Litter free Mardi Gras
As the sun peeked over the Mobile, Alabama skyline, cars pulling kayaks drove down the street toward One Mile Creek. With a winding trail that leads downtown, One Mile Creek is infamous for its litter. What better way to kick off National Estuaries Week this past September than to host an event to cleanup this site and restore it to its natural beauty. Alabama Coastal Cleanup is a statewide effort to clean up our waterways, and this year, Mobile Baykeeper adopted One Mile Creek as its own site – giving downtown residents the opportunity to clean up close to home and connect to their local waterway.
Volunteers both old and new, and even a little boy who wanted to celebrate his thirteenth birthday cleaning up the environment, arrived and were ready to get to work. One by one they loaded into kayaks and paddled down the creek with pickers and bags in hand. For hours they trudged through the thick mud and paddled to get the debris, brandishing their pickers like swords, ready for the battle to take back our clean water from litter. They shuttled with kayaks filled to the brim. At the end of the day, approximately 2,480 pieces of trash were collected by 58 dedicated volunteers.
Everyone left with a smile on their face and a feeling of accomplishment, all eager to come back soon to help remove more litter and tell others about the importance of this creek to the health of our Mobile Bay.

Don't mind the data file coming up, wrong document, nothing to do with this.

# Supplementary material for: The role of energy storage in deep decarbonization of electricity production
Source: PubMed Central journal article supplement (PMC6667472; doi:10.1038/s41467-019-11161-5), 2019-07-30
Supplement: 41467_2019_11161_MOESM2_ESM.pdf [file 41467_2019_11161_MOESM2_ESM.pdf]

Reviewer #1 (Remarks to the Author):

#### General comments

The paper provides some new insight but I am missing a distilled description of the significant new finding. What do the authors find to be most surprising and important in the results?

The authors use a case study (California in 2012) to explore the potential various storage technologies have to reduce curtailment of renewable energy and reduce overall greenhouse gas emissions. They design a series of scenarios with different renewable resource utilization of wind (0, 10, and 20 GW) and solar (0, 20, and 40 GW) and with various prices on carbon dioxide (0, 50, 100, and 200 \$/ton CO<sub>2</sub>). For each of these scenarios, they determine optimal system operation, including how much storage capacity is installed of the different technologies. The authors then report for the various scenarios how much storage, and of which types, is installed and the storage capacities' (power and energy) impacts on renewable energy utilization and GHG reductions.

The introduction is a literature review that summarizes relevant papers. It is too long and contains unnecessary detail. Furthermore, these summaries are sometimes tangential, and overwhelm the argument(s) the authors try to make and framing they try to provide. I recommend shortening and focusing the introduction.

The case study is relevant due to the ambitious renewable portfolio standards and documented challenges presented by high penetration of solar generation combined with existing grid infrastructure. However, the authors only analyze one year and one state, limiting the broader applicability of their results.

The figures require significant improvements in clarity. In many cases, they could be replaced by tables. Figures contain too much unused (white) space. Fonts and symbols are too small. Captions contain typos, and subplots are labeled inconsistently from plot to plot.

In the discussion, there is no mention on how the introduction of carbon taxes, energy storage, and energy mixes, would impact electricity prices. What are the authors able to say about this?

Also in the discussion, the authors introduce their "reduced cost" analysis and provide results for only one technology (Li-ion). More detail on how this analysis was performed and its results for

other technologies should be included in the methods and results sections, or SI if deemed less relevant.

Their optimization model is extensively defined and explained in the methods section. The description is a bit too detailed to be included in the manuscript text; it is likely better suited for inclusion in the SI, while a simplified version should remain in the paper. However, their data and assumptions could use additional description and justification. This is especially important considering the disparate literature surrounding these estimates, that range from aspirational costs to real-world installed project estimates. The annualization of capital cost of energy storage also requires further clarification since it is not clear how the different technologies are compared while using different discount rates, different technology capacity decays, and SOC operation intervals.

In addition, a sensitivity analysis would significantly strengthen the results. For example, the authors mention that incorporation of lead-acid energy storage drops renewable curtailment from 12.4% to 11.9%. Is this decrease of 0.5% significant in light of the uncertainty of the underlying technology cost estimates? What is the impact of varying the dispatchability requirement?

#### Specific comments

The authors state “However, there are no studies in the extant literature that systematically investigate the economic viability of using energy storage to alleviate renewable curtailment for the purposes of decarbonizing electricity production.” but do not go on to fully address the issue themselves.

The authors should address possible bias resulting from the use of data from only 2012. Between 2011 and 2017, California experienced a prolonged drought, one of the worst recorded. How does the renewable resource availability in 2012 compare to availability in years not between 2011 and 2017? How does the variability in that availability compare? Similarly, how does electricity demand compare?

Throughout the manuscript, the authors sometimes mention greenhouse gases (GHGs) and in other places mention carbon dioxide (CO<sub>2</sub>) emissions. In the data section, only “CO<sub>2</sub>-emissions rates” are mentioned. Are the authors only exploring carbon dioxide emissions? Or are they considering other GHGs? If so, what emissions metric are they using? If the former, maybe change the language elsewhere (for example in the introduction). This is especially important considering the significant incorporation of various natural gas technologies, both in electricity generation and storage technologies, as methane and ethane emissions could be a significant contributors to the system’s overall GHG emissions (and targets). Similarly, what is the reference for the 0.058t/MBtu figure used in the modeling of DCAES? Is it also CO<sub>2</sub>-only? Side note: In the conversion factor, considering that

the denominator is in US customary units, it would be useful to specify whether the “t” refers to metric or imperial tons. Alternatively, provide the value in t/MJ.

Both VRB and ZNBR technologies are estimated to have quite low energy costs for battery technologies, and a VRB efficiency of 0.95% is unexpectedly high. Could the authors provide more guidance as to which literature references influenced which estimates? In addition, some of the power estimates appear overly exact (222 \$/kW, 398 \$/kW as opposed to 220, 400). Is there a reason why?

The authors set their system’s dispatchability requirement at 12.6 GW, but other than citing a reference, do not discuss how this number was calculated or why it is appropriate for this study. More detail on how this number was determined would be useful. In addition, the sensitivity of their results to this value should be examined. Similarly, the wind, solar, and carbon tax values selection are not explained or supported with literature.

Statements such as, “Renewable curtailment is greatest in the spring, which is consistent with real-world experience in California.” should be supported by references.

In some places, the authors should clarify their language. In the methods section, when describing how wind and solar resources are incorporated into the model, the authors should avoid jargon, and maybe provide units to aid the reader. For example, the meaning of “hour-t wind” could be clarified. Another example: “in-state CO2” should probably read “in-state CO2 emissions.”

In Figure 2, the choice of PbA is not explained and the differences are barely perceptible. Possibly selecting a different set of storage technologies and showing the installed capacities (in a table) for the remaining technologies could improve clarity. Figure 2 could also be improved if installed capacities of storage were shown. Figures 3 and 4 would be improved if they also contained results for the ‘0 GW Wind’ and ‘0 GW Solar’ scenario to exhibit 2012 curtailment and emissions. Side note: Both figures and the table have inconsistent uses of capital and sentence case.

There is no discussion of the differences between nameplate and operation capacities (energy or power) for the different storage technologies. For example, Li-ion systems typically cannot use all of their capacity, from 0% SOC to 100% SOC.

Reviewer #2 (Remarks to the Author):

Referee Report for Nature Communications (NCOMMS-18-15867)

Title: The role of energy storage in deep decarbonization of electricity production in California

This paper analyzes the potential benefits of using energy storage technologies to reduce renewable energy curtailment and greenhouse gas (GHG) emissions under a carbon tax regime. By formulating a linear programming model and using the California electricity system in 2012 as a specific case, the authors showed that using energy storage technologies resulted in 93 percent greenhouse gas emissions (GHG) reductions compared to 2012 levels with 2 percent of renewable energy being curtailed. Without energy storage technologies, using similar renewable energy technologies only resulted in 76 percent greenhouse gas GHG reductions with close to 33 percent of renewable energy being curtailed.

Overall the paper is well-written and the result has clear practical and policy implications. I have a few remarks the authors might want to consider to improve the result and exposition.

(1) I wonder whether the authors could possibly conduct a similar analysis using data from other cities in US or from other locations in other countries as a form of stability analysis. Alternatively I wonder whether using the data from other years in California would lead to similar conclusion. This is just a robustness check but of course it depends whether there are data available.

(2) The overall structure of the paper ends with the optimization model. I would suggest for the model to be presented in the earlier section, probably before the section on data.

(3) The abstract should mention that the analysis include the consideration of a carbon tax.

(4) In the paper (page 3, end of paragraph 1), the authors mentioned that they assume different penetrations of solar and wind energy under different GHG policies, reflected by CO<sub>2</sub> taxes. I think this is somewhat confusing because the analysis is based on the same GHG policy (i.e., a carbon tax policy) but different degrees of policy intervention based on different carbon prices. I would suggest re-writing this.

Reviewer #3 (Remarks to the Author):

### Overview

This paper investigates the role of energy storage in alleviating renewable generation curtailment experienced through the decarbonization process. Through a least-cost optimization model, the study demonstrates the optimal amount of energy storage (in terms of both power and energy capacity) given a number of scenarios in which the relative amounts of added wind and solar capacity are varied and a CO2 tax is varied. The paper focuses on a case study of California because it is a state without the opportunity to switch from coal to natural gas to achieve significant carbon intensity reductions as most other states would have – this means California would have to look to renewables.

With Mobile being the birthplace of Mardi Gras, every February brings a party to the Bay. During this carnival season, Mardi Gras throws (beaded necklaces) are the local currency. Revelers toss Moon Pies, cups, and beads galore. There is only one problem – most Mardi Gras throws are not biodegradable. Every year the streets of downtown Mobile are peppered with beads and toys that parade goers leave behind. These items enter our storm drains and eventually enter our creeks, streams, and the Mobile Bay.
Mobile Baykeeper created the Litter Free Mardi Gras campaign to get all the unwanted throws off of the streets and, hopefully, out of local waterways. We’re working to educate the community on the harmful impacts of litter on our waterways during the biggest party of the year. We want Mardi Gras revelers to have fun and party responsibly so we can prevent further pollution of our waterways.
Mobile Baykeeper will continue to highlight our estuaries and all the important creeks flowing into them by providing opportunities to cleanup these resources and educating the community to prevent future impacts.
Laura Stone is program & grants coordinator at Mobile Baykeeper.